A young man’s father is killed. His uncle marries his widowed mother, and while they celebrate the nuptials, the young man is visited by his father’s ghost, who accuses the uncle of murder. This is, to use playwright James Ijames’ language, “a kind of” Hamlet.
Fat Ham is set in the present, at a ranch-style house in North Carolina. In the script, Juicy (Marcel Spears) is described as “pensive, thicc and gay.” His father went to prison for killing someone because his breath stank, and he in turn was killed when he was shanked on his way to dinner. A close friend, Tio (Chris Herbie Holland), isn’t far off the mark when he tells Juicy, “These cycles of violence are like deep … You carrying around your whole family’s trauma man.” Like Hamlet, who stood in contrast to his warmongering father, Juicy is not violent. Sure, his uncle Rev (Billy Eugene Jones) is gross—not to mention the fact that he used Juicy’s college money to remodel the bathroom—but his dad was an asshole and his mom (Nikki Crawford) seems happy. It’s entirely possible that the ghost is lying. Why does this all need to end in tragedy?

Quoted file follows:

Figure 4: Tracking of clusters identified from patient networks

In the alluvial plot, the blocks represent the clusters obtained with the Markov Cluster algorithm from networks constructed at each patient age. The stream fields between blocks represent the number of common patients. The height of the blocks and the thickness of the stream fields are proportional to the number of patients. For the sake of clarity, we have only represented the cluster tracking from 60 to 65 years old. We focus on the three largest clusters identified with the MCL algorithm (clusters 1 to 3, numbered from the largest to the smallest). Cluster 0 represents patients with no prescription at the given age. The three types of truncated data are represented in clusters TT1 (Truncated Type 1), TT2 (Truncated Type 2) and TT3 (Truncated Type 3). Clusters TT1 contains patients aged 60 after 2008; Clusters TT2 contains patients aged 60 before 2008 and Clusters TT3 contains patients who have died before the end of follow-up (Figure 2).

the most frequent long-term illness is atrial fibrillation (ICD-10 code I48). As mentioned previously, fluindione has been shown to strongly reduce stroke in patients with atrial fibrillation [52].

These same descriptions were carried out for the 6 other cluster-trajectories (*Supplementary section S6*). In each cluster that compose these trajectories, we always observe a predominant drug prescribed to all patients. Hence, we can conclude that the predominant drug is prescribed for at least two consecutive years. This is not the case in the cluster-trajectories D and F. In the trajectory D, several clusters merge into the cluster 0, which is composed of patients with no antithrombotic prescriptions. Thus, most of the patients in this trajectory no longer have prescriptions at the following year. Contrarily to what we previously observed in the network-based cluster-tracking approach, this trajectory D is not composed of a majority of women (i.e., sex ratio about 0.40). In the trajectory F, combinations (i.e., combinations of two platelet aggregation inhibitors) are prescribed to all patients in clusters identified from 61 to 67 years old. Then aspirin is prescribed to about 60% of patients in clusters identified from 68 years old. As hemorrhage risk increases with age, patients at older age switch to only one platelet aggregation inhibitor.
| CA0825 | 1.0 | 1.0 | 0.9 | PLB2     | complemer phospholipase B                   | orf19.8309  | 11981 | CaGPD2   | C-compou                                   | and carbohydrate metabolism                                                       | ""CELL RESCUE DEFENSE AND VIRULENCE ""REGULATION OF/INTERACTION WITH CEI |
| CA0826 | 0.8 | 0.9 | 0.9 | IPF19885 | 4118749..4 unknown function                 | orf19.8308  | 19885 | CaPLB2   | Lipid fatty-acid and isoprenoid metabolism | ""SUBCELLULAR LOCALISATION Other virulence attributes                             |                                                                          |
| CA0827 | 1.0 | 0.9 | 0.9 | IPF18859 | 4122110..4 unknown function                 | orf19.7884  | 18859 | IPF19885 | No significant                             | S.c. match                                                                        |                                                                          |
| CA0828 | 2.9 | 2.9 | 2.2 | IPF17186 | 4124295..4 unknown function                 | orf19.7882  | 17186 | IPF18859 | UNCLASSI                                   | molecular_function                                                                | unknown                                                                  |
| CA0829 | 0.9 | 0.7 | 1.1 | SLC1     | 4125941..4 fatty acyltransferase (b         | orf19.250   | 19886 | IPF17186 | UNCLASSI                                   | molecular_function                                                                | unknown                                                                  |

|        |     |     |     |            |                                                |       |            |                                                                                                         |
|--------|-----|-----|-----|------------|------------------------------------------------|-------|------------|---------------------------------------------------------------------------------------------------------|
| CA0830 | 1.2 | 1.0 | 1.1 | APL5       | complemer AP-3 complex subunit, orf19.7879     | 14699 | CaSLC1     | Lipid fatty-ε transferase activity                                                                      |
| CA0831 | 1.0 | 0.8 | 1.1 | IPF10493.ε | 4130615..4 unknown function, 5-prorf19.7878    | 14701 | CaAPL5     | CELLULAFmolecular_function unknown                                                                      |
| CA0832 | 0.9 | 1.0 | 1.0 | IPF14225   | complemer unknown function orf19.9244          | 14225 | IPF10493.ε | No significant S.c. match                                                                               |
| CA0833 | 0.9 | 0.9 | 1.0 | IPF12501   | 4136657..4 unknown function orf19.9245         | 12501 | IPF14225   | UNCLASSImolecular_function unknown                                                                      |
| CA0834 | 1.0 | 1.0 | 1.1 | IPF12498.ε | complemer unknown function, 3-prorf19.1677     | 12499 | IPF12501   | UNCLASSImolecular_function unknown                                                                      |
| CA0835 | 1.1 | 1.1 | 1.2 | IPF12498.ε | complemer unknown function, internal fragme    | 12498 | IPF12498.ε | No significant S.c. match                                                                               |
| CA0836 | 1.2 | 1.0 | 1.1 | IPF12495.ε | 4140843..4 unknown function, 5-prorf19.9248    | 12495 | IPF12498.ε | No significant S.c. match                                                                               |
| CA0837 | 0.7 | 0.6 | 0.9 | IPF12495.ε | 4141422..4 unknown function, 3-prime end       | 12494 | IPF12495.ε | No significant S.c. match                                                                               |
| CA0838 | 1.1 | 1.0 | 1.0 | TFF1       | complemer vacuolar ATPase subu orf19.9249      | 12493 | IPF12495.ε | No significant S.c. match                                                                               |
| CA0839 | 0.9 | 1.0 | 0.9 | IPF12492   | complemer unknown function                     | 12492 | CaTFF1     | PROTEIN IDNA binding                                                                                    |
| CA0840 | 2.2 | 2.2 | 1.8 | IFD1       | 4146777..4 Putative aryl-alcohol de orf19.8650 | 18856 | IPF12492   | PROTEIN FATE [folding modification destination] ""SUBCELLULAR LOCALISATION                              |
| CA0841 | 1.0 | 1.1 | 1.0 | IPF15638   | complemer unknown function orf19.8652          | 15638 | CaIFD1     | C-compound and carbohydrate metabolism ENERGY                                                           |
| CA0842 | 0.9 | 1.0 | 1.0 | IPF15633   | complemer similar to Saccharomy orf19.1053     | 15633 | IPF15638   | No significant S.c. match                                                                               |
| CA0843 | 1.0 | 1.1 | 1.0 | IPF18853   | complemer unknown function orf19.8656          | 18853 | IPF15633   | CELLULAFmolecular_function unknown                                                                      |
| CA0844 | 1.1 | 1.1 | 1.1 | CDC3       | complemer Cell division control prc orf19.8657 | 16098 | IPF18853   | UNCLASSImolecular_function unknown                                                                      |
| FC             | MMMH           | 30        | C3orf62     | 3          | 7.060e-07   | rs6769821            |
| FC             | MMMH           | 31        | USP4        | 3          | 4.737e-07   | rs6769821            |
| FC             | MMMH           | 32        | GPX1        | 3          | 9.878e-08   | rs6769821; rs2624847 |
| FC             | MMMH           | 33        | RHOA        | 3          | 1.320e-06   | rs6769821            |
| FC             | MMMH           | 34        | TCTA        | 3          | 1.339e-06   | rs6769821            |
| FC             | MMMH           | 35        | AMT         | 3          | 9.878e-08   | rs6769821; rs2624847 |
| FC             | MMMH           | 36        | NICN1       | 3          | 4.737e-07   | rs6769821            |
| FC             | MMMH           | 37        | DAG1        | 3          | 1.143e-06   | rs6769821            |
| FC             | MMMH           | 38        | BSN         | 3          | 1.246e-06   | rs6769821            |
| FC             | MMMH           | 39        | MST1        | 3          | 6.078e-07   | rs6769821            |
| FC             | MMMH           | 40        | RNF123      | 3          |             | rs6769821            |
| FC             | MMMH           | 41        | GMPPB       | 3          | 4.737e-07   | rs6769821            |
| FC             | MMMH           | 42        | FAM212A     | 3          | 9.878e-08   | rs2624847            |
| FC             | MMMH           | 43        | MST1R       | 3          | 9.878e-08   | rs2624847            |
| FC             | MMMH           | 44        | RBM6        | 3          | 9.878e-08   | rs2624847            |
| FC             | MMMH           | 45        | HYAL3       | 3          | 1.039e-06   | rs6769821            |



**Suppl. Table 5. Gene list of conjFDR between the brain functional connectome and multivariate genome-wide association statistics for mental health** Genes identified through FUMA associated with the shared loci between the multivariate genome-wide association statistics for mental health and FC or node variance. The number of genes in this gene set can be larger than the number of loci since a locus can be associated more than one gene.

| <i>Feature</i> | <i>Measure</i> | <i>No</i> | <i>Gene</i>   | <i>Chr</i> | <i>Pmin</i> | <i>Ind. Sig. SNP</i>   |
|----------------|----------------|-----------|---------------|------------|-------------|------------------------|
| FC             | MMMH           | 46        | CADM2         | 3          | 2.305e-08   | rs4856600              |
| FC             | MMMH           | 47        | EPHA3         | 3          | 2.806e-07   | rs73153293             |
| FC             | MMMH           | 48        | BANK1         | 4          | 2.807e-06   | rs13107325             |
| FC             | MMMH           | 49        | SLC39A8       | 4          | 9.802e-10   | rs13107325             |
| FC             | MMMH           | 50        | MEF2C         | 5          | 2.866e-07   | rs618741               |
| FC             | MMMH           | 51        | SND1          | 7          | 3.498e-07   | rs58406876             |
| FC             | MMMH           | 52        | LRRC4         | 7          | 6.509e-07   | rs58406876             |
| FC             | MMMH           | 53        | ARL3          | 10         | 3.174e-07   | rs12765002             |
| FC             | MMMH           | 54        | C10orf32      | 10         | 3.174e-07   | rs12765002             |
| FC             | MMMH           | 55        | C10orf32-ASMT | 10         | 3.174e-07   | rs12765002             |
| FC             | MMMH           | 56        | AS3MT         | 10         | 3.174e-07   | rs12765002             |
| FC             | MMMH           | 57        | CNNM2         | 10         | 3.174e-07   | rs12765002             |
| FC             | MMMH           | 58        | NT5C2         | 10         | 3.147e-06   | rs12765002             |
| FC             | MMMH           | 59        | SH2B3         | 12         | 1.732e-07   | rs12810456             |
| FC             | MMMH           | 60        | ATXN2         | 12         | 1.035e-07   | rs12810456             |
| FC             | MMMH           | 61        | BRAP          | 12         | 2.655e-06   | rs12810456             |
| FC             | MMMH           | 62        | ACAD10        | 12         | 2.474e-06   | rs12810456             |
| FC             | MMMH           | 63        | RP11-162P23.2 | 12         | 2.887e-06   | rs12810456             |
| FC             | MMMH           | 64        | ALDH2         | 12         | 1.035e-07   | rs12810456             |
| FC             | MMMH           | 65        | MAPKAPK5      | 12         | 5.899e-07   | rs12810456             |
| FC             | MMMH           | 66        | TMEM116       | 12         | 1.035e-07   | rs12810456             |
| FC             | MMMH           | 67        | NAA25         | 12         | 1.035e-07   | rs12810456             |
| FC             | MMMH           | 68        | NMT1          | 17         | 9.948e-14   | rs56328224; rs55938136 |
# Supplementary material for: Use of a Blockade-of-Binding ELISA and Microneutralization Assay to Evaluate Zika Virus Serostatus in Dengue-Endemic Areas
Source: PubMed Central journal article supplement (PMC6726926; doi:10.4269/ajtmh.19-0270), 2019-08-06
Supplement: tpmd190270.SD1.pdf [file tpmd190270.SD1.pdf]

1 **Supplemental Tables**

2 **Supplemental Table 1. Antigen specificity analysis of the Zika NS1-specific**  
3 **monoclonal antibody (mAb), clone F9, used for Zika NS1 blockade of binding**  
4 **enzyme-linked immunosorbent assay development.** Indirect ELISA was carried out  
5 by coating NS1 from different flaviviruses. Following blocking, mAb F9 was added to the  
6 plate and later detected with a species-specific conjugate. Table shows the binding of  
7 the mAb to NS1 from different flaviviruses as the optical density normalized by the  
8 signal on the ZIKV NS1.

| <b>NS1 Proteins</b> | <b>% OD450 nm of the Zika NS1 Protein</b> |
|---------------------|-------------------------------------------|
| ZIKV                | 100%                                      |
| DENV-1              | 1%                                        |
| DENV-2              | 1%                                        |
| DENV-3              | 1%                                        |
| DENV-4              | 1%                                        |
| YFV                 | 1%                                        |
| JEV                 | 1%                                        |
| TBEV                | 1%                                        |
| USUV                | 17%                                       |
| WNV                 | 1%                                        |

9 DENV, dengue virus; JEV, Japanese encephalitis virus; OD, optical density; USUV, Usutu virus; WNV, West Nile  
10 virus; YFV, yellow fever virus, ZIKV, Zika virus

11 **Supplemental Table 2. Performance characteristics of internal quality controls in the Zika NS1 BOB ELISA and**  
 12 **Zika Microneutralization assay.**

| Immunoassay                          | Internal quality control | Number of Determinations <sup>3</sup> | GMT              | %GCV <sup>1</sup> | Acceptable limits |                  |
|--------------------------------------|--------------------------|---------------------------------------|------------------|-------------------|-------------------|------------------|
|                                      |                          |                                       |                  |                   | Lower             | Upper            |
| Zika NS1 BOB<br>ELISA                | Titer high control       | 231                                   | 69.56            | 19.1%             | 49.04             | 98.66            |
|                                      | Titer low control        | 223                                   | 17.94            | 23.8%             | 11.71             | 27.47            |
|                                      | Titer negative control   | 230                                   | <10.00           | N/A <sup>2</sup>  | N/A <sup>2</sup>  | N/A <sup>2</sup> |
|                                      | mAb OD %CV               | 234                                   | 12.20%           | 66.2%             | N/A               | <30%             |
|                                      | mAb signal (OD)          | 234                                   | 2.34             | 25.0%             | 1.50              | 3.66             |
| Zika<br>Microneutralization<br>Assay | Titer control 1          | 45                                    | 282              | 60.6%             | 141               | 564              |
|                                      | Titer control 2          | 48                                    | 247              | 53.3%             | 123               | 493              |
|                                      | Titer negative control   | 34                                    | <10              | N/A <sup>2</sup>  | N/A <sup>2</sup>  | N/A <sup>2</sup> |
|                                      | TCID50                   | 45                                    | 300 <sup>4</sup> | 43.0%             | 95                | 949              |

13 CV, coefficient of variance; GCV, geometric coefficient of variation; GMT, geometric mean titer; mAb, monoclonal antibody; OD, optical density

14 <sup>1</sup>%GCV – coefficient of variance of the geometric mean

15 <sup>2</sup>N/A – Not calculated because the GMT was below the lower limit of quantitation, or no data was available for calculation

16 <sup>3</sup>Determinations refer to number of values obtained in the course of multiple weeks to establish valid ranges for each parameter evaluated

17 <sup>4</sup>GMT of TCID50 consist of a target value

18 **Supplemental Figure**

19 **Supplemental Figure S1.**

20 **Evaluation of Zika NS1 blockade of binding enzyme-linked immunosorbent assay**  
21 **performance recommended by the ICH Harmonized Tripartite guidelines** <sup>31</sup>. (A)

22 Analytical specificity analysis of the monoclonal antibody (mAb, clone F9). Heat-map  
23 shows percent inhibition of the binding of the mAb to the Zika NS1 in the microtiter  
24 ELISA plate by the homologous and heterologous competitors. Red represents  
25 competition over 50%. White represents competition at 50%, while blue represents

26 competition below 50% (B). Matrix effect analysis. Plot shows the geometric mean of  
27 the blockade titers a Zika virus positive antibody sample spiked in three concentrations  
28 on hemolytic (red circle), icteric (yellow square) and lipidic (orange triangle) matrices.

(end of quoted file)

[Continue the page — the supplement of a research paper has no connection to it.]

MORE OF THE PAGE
Perhaps because of its setting—Fat Ham takes place during a barbecue, and Rev is a pig farmer and pit master—the action of the play bears some resemblance to Scotland, PA, a 2001 comedy that staged Macbeth in a fast food restaurant. But that was cynical comedy; Ijames’ major intervention is to offer a humanistic alternative to tragedy. Generations of violence have influenced both Hamlet and Juicy, limiting the choices they are expected to make. Still, Ijames insists they can make others; they can put down the poisoned blades and choose happiness. Hamlet and Laertes, and Juicy and Larry (Calvin Leon Smith), can kiss rather than kill.
Fat Ham runs through July 2nd at the American Airlines Theatre. 227 W. 42nd Street New York, NY. 1 hour 35 minutes. No intermission. Photograph by Joan Marcus.